## Radiative Balance, Feedback, and Runaway Warming

#### Posted on 26 February 2012 by Chris Colose

Skeptical Science has previously discussed the topic of feedbacks and why the existence of *positive feedbacks* (i.e., those feedbacks that amplify a forcing) do not necessarily lead to runaway warming, or even to an inherently "unstable" climate system. I also wrote on it at RealClimate (and Pt. 2). This was brought up again in Lord Christopher Monckton's response to SkepticalScience, where he asserted:

"First, precisely because the climate has proven temperature-stable, we may legitimately infer that major amplifications or attenuations caused by feedbacks have simply not been occurring...A climate subject to the very strongly net-positive feedbacks imagined by the IPCC simply would not have remained as stable as it has."

I wanted to revisit the subject in order to take a different approach on the subject of positive feedbacks. This involves the relationship between Earth's surface temperature and outgoing infrared radiation (the energy Earth emits to space). Determining how the outgoing longwave radiation (OLR) depends on surface temperature and greenhouse content is a fundamental determinant to any planetary climate.

I'll begin with very trivial, ideal cases, and then slightly build up in complexity in order to relate the problem to climate sensitivity. By the end, it should be clear why positive feedbacks can exist that inflate climate sensitivity but do not necessarily call for a runaway warming case. We'll also see a scenario, commonly discussed by planetary scientists, in which it *does* lead to a runaway.

First, we begin with the simplest case in which the Earth has no atmosphere and essentially acts as a perfect radiator. In this case, the outgoing radiation is given by the Stefan-Boltzmann equation OLR=σT^{4}. T is temperature. σ is a constant, so the equation means that the outgoing radiation grows rapidly with temperature, (to the power of four) as shown below.

*Figure 1: Plot of OLR vs. Surface temperature for a perfect blackbody*

In the next case, suppose that we add some CO_{2} to the atmosphere (400 ppm). The atmosphere here is completely dry (and therefore no water vapor feedback). In this example, the addition of CO_{2} will reduce the OLR for any given temperature, since the atmosphere absorbs some of the exiting energy. This is displayed with the red curve in Figure 2 (the black curve is from above for reference).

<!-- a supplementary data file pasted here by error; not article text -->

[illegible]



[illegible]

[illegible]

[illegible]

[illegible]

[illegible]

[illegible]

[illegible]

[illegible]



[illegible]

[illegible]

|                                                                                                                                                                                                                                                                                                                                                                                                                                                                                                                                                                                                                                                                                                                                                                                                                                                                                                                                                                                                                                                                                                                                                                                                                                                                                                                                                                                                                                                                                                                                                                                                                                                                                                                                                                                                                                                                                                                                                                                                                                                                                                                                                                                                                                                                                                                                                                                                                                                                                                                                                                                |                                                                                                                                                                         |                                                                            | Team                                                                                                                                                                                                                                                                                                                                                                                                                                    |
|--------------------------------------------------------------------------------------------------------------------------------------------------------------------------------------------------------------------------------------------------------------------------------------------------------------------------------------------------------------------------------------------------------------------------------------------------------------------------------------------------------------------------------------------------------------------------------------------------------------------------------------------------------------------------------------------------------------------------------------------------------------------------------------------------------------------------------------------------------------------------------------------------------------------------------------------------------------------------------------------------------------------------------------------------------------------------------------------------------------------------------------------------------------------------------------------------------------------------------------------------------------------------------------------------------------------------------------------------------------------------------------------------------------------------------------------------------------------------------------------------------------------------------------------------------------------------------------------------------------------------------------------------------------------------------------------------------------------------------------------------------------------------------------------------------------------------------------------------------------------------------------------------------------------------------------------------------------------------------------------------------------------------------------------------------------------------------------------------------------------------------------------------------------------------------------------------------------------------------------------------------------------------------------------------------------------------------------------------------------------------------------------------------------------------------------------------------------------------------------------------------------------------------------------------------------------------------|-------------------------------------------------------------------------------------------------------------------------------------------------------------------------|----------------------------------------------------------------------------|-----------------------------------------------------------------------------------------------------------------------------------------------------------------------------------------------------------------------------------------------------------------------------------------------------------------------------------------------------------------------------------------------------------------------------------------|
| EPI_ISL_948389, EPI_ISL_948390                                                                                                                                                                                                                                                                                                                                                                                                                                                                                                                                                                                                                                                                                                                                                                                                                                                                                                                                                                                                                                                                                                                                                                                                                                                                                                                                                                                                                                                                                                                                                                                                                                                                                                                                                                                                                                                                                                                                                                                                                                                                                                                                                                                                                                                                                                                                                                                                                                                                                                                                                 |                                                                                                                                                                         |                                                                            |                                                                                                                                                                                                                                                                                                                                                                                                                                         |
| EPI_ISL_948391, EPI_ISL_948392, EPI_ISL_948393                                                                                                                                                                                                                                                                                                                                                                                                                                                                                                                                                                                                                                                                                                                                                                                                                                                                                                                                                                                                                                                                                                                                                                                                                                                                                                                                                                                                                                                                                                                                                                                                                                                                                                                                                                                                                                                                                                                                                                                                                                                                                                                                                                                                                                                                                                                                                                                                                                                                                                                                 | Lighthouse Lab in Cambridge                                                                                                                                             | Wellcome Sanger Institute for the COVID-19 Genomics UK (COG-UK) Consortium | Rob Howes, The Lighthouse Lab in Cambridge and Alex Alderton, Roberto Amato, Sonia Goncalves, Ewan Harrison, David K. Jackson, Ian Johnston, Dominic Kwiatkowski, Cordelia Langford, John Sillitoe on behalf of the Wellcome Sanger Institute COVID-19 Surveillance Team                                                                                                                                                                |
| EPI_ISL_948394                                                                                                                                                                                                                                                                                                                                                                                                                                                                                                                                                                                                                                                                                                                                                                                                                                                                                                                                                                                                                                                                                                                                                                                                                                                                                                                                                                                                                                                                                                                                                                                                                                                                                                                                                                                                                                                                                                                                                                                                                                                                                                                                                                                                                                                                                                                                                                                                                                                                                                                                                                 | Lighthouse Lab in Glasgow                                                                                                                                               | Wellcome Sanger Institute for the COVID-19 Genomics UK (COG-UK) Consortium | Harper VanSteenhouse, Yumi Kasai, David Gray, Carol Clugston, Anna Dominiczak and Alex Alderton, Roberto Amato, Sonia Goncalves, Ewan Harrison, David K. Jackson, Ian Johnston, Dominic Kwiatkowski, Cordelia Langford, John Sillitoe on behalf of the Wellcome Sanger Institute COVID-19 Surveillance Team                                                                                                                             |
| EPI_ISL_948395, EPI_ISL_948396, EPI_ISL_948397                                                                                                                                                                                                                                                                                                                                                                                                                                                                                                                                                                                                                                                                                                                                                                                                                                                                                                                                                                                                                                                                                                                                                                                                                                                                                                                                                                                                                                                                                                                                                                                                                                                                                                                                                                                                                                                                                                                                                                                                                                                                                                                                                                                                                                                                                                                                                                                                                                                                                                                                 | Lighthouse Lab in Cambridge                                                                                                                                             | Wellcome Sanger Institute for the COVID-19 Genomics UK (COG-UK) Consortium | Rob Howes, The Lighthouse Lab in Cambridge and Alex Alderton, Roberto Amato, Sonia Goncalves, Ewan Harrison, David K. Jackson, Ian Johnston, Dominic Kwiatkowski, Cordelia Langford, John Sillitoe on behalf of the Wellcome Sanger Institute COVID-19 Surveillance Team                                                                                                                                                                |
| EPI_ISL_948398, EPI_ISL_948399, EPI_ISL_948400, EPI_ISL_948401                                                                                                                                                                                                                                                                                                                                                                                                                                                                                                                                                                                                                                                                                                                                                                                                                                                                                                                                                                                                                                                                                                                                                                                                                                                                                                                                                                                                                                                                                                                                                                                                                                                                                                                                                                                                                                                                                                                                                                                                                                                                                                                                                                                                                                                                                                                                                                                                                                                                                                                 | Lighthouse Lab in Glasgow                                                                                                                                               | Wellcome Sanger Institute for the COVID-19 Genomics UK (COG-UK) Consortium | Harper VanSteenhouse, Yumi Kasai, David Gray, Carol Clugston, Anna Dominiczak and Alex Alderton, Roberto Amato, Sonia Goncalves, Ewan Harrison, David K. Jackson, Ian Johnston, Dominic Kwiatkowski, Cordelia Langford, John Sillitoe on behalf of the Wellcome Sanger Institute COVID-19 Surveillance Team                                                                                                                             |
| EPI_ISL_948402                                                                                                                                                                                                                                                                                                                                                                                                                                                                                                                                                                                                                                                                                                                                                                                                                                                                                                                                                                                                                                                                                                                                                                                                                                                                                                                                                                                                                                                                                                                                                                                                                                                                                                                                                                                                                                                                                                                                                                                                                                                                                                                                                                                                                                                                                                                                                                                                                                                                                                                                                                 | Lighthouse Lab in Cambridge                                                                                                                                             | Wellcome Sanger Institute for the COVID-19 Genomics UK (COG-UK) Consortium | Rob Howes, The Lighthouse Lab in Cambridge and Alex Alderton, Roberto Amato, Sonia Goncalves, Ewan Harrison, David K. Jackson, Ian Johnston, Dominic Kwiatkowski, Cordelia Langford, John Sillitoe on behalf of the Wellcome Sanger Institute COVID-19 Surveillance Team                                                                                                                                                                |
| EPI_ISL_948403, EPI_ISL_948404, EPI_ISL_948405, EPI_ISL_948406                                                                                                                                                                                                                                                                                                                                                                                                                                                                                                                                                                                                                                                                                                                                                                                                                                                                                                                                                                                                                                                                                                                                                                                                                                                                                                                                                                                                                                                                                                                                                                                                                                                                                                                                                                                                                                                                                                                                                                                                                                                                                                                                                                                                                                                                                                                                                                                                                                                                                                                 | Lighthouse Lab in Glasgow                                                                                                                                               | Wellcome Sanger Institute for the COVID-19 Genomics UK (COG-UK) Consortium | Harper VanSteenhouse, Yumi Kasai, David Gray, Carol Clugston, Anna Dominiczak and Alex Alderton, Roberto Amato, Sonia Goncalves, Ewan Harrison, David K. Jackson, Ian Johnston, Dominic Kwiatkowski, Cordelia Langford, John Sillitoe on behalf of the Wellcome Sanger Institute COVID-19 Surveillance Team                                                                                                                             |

*Figure 2: Relationship between OLR and surface temperature for a blackbody (black curve) and with 400 ppm CO2 (red curve). The horizontal line is the absorbed solar radiation. *

Also plotted in Figure 2 is a horizontal line at 240 W/m^{2}, which corresponds to the amount of solar energy that Earth absorbs. In equilibrium, the Earth receives as much solar energy as it does emit infrared radiation. Therefore, in the above plot, the points at which the horizontal line intersect the black/red lines will correspond to the equilibrium climates in this model. Note that the red line makes this intersection at a higher surface temperature, which is the greenhouse effect.

Now let's step up the complexity a bit. We'll throw in some water vapor into the model, but not just a fixed amount of water vapor. This time, we'll also let the water vapor concentration increase as temperature increases. Water vapor is a good greenhouse gas, so now the infrared absorption grows with temperature. This is the water vapor feedback. The blue line in the next figure is the OLR for a planet with the same 400 ppm CO_{2}, in addition to this operating feedback.

*Figure 3: Relationship between OLR and surface temperature, as above, but with a constant relative humidity atmosphere (blue line, implying increasing water vapor with temperature)*

In this figure, we see that the OLR does not depend very much on the water vapor at low temperatures. This makes sense, because at temperatures this cold (such as during a snowball Earth), there is so little water vapor in the air. However, at temperatures similar to the modern global mean and warmer, the OLR drops tremendously and the the T^{4} dependence instead becomes much flatter. We'll get a more clear picture of that means for climate sensitivity in the next diagram.